New GSE guideline updates to Fannie and Freddie forces them to cap the amount of second home and investor properties delivered at 7%. This means a meaningful amount of supply will have to come to the non-QM Sector.
Presented by: Acra Lending
The industry should trust a person by what they say. And What Director Calabria has said for many years is that these companies are too big, that they crowd out private capital, and that they pose way too much taxpayer risk and need to be dealt with.
The FHFA Director has sole authority, requiring no approval from either Congress or Treasury, to put the GSEs into receivership or into successor entities. In fact, Calabria stated this himself in an interview in May of 2020. In this interview he stated it clearly, “Endless limbo is not an option under statute. FHFA has the power and the responsibility to end the conservatorships of the GSEs. Congress authorized FHFA to do this by either reconstituting the GSEs into a successor entity or entities, restoring them to a position of financial stability and shareholder control, or placing them in receivership. HERA does not require congressional action to end the conservatorships.”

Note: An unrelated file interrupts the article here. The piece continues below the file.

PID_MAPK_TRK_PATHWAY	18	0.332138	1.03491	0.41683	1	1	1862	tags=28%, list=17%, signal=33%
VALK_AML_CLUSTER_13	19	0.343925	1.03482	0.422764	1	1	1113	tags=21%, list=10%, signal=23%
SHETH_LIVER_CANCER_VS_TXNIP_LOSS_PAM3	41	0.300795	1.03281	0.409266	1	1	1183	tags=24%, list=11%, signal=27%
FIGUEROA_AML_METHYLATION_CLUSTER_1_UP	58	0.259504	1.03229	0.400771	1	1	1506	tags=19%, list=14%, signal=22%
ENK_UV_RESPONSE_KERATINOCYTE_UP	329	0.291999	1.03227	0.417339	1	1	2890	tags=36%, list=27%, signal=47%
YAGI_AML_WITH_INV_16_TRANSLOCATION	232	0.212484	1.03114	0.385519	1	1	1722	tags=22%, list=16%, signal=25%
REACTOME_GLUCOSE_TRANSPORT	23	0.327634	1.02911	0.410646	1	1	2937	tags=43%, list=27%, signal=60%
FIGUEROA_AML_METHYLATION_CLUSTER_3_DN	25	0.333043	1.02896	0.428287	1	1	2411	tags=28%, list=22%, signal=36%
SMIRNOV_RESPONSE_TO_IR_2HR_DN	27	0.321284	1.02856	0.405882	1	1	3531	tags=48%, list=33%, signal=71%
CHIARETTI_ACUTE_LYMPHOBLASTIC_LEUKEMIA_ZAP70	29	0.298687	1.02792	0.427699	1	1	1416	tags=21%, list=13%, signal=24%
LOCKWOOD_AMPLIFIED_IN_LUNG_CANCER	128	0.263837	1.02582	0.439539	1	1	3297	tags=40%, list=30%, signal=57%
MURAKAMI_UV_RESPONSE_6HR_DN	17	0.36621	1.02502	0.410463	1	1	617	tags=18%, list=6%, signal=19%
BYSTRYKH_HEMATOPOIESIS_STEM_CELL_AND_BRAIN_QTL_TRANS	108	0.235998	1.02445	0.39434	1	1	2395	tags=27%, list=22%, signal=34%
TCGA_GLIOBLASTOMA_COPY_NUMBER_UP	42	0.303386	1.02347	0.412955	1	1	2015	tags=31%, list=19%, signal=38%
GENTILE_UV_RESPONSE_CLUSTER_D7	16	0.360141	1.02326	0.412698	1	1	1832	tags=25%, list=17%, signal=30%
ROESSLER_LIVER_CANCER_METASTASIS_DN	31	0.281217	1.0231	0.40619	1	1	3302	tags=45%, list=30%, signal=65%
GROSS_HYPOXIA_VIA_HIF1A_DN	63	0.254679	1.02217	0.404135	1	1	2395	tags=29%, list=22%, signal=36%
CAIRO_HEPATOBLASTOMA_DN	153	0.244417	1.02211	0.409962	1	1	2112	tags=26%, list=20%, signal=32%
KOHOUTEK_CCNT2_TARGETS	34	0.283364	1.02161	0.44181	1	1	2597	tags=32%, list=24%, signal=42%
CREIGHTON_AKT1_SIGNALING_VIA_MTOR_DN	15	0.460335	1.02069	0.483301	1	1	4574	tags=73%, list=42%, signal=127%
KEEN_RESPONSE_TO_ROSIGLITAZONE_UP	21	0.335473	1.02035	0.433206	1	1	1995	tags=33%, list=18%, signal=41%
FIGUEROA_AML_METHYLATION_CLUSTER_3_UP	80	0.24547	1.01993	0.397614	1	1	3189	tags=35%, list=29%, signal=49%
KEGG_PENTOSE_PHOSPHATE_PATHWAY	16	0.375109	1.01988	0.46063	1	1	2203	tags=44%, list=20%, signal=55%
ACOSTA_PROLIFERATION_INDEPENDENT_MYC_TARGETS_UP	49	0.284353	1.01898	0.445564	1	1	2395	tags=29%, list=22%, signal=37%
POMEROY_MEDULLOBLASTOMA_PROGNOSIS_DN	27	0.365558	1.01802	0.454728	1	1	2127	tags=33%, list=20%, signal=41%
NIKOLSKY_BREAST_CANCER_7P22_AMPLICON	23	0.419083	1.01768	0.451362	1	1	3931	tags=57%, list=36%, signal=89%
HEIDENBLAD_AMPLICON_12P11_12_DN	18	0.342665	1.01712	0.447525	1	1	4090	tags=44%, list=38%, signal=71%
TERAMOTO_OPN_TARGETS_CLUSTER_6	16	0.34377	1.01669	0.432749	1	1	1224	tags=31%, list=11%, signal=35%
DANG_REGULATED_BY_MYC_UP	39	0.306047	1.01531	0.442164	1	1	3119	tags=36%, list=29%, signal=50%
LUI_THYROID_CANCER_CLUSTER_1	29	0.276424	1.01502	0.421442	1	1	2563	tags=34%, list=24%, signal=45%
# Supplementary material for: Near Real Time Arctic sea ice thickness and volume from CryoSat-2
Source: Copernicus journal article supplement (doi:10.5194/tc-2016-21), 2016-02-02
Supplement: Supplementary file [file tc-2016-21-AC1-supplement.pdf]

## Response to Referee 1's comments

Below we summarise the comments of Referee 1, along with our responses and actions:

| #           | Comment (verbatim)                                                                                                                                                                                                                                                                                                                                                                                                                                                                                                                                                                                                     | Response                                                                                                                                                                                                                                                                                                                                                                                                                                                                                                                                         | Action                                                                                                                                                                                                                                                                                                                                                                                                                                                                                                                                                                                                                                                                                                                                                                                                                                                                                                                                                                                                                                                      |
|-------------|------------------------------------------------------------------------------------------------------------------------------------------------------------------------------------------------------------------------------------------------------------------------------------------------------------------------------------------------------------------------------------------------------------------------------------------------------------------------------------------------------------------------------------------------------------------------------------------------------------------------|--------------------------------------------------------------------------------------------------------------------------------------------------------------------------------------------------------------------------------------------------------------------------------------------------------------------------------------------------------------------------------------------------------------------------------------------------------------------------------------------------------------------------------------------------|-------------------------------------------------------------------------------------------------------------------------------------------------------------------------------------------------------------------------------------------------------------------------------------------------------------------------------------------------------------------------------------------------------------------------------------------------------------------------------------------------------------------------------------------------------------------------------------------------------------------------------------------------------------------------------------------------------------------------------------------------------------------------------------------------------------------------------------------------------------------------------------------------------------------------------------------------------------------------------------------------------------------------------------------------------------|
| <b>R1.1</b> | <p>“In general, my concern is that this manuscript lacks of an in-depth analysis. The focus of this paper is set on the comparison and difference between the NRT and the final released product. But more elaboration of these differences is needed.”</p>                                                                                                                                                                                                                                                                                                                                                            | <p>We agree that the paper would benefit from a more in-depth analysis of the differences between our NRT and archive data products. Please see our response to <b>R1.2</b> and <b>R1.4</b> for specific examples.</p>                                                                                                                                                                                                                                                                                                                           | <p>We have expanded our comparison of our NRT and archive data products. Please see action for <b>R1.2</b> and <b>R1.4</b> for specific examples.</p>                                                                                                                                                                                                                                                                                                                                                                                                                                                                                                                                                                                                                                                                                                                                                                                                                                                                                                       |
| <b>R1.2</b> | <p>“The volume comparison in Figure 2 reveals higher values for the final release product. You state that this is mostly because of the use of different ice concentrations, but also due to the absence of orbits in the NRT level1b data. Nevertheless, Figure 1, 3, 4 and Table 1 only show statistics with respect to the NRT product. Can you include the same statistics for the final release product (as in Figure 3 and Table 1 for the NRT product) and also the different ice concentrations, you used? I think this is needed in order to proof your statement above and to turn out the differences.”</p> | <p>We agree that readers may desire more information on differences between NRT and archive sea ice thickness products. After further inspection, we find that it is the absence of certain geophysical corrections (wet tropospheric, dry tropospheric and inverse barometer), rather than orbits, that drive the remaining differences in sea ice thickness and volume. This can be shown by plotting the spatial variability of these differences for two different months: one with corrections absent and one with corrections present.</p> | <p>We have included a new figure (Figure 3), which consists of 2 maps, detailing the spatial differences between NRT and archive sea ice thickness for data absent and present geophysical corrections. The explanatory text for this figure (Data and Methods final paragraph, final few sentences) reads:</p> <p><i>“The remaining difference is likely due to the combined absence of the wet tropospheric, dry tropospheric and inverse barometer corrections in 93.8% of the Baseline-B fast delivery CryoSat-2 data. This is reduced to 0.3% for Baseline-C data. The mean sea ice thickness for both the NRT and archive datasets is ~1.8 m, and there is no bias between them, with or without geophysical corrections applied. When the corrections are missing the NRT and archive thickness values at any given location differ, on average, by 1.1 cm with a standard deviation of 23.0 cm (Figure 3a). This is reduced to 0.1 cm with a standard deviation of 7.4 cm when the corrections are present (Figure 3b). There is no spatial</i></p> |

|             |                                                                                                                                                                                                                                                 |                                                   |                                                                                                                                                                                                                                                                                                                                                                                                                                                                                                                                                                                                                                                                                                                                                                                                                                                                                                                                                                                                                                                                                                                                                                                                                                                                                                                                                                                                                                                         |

Given what is widely believed to be frustration that he could not accomplish a final solution while Secretary Mnuchin was heading the Treasury Department, he appears to now be looking at the authorities he has if choosing to act alone.
So, if you have not read the final rule, I encourage you to do so. But assuming you won’t, let me give you the highlights:
1. The ‘living wills’ are being required in order to establish a plan for moving the GSEs into receivership should they be unable to back the risk/obligation to support MBS Investors.